3e7ca008d4c414cd209747bbfc94f649e58565a0_254x191Here’s something you don’t hear every day: I applaud Sheryl Sandberg and I’m really enjoying her book! Our media and society, men and women alike, have been SO quick to judge someone who they thought was picking on women for not always aspiring to the corner office of a major corporation. But if you actually take the time to read “Lean In,” you’ll read just how supportive Sheryl is of all women, no matter what decisions they make with their lives and careers. She is merely urging us to think hard about what we really want, ask for help and go after what we deserve.

The COO of Facebook shares personal stories of her struggles and successes, uses research to shine a light on incredibly unfair gender differences, and offers practical advice to help women achieve their goals. The book challenges us to change the conversation from what women can’t do to what we can do, and serves as a rallying cry for us to work together to create a more equal world.

I highly recommend this compelling, hilarious, blunt book and have posted some excerpts below that I hope both women and men will give some thought to:

“Less than six months after I started at Facebook, Mark Zuckerberg and I sat down for my first formal review. One of the things he told me was that my desire to be liked by everyone would hold me back. He said that when you want to change things, you can’t please everyone. If you do please everyone, you aren’t making enough progress. Mark was right.”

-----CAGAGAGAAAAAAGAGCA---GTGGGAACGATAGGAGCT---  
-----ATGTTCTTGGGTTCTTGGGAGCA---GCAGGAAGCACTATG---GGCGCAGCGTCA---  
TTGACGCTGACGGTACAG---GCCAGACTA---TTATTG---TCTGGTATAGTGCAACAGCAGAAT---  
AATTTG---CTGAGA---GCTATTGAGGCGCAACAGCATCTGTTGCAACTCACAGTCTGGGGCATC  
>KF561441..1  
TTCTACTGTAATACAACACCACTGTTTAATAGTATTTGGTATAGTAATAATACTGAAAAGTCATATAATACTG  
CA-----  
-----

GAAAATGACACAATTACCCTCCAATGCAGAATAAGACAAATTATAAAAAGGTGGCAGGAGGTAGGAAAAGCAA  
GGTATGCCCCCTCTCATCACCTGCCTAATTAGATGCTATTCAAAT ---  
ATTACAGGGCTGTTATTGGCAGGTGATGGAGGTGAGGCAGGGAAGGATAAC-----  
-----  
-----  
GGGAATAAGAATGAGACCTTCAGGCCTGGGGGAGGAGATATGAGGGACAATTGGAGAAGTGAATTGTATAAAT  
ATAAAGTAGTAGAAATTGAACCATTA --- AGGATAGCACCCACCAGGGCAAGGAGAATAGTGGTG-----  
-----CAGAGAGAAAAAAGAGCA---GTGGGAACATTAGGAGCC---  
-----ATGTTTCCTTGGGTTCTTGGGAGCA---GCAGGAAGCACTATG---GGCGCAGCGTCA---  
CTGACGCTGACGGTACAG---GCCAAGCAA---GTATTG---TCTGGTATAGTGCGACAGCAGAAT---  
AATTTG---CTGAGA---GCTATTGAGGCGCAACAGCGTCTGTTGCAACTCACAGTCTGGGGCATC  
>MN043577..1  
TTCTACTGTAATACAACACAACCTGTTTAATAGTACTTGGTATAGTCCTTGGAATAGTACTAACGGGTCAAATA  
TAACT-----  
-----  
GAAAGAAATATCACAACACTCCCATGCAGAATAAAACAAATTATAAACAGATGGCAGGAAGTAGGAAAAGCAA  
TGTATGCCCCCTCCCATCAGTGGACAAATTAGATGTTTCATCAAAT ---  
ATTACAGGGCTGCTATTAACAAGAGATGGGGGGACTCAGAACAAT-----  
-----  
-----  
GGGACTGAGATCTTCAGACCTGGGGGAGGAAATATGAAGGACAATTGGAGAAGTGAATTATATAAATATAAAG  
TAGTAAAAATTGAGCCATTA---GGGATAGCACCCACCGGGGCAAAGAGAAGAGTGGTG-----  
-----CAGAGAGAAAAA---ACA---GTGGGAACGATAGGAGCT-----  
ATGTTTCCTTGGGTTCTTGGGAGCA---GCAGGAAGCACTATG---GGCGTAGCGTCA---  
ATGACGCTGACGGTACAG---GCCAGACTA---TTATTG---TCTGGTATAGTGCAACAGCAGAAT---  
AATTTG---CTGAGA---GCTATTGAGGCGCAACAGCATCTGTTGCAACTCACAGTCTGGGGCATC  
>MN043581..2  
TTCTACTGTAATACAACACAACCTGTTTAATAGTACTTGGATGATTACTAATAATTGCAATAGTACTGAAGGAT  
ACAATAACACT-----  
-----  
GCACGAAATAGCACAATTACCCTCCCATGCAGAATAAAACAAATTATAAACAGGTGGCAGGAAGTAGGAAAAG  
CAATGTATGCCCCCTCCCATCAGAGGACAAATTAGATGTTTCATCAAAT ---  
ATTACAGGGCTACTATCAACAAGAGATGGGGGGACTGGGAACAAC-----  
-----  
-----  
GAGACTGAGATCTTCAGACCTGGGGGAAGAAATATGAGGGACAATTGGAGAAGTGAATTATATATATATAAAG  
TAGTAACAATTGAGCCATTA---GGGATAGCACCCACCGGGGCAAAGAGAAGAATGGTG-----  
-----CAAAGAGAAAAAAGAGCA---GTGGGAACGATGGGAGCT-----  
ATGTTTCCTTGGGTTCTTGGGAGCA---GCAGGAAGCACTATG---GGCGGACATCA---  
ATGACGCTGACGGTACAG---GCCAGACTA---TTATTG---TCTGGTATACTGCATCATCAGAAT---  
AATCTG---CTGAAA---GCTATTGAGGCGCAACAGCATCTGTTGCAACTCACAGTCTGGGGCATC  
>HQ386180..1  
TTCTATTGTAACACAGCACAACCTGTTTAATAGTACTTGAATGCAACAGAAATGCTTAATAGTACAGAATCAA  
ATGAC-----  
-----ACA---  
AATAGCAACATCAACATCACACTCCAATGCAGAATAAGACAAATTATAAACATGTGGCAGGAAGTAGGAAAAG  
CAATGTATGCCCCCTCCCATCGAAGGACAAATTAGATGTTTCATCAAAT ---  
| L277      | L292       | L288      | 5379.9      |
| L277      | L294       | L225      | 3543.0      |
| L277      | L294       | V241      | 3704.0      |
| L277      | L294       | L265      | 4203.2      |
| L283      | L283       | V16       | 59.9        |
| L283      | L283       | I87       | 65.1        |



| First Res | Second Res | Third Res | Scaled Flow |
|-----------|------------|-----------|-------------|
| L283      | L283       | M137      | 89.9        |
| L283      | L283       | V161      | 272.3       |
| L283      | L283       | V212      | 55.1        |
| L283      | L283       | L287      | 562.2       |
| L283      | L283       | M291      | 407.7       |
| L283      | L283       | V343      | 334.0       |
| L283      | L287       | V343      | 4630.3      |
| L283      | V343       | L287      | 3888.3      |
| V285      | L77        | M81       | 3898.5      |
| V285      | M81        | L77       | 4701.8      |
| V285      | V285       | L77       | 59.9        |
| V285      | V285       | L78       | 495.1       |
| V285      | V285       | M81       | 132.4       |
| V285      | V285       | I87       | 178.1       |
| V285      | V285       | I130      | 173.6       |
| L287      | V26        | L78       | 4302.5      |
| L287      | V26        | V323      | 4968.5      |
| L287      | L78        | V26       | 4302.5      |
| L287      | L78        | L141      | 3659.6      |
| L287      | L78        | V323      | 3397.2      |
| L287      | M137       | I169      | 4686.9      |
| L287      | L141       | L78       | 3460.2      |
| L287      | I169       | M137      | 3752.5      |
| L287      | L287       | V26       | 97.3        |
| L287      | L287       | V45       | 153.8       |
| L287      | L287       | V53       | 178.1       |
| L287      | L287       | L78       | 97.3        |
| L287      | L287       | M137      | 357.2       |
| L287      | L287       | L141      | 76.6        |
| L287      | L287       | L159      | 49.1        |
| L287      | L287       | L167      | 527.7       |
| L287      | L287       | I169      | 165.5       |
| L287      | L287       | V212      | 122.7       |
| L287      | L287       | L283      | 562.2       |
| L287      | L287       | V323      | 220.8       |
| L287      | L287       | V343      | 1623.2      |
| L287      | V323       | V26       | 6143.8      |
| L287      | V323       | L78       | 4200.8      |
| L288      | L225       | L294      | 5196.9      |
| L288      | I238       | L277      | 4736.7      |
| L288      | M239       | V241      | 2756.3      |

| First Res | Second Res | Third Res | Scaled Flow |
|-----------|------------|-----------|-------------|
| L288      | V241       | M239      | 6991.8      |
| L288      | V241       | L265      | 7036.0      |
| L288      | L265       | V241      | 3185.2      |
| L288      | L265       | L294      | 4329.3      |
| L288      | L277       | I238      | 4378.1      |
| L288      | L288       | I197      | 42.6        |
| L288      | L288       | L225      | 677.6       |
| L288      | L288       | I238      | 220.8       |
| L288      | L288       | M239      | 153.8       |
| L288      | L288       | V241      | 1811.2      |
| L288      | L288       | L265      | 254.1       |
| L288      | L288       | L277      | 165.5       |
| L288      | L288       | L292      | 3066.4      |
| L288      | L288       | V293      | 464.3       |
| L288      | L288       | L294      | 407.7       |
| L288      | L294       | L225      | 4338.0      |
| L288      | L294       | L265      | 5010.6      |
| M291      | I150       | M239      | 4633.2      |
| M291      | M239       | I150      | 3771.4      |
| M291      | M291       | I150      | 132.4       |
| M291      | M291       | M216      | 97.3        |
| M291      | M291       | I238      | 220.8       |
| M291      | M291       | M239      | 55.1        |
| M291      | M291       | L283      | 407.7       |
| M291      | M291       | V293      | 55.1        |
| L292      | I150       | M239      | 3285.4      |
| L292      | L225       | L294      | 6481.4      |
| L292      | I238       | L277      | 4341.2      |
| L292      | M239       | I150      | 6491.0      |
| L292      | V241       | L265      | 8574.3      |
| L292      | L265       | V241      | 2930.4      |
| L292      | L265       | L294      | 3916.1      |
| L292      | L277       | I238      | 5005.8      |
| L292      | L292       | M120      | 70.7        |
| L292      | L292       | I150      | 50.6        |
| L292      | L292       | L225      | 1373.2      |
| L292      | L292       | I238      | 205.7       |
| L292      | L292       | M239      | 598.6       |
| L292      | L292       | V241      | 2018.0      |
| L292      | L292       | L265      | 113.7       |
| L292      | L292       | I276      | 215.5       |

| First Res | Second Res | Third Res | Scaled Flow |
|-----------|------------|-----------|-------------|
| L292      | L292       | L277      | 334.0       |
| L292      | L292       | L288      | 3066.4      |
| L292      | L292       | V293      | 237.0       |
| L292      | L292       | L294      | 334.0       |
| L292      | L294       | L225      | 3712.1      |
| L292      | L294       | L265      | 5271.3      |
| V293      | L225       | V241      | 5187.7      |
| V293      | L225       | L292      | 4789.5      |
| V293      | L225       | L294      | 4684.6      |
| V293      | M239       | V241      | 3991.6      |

“In many cases, women need to be more open to taking risks in their careers. Of course, there are times in life when being risk averse is a good thing. But in business, being risk averse can result in stagnation.”

“People often pretend that professional decisions are not affected by their personal lives. They are afraid to talk about their home situations at work as if one should never interfere with the other, when of course they can and do. I know many women who won’t discuss their children at work out of fear that their priorities will be questioned. I hope this won’t always be the case.”

“From an early age, girls get the message that they will have to choose between succeeding at work and being a good mother. By the time they are in college, women are already thinking about the trade-offs they will make between professional and personal goals.”

“Women rarely make one big decision to leave the workforce. Instead, they make a lot of small decisions along the way, making accommodations and sacrifices that they believe will be required to have a family. Of all the ways women hold themselves back, perhaps the most pervasive is that they leave before they leave.”

“There are many powerful reasons to exit the workforce. Being a stay-at-home parent is a wonderful, and often necessary, choice for many people. Not every parent needs, wants or should be expected to work outside the home. In addition, we do not control all the factors that influence us, including the health of our children. Plus, many people welcome the opportunity to get out of the rat race. No one should pass judgement on these highly personal decisions. I fully support any man or woman who dedicates his or her life to raising the next generation. It is important and demanding and joyful work.”


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  • Thanks, Kate. I could not agree more. I have yet to start reading Lean In, but I’ve watched several interviews and a half hour CNN show about Sheryl. Your comments are in line with many who have actually taken the time to read the book. I wonder if all the criticism came from folks who only read excerpts? I love that she is putting her energy into supporting women through the http://www.leanin.org web site. I can’t wait to start reading.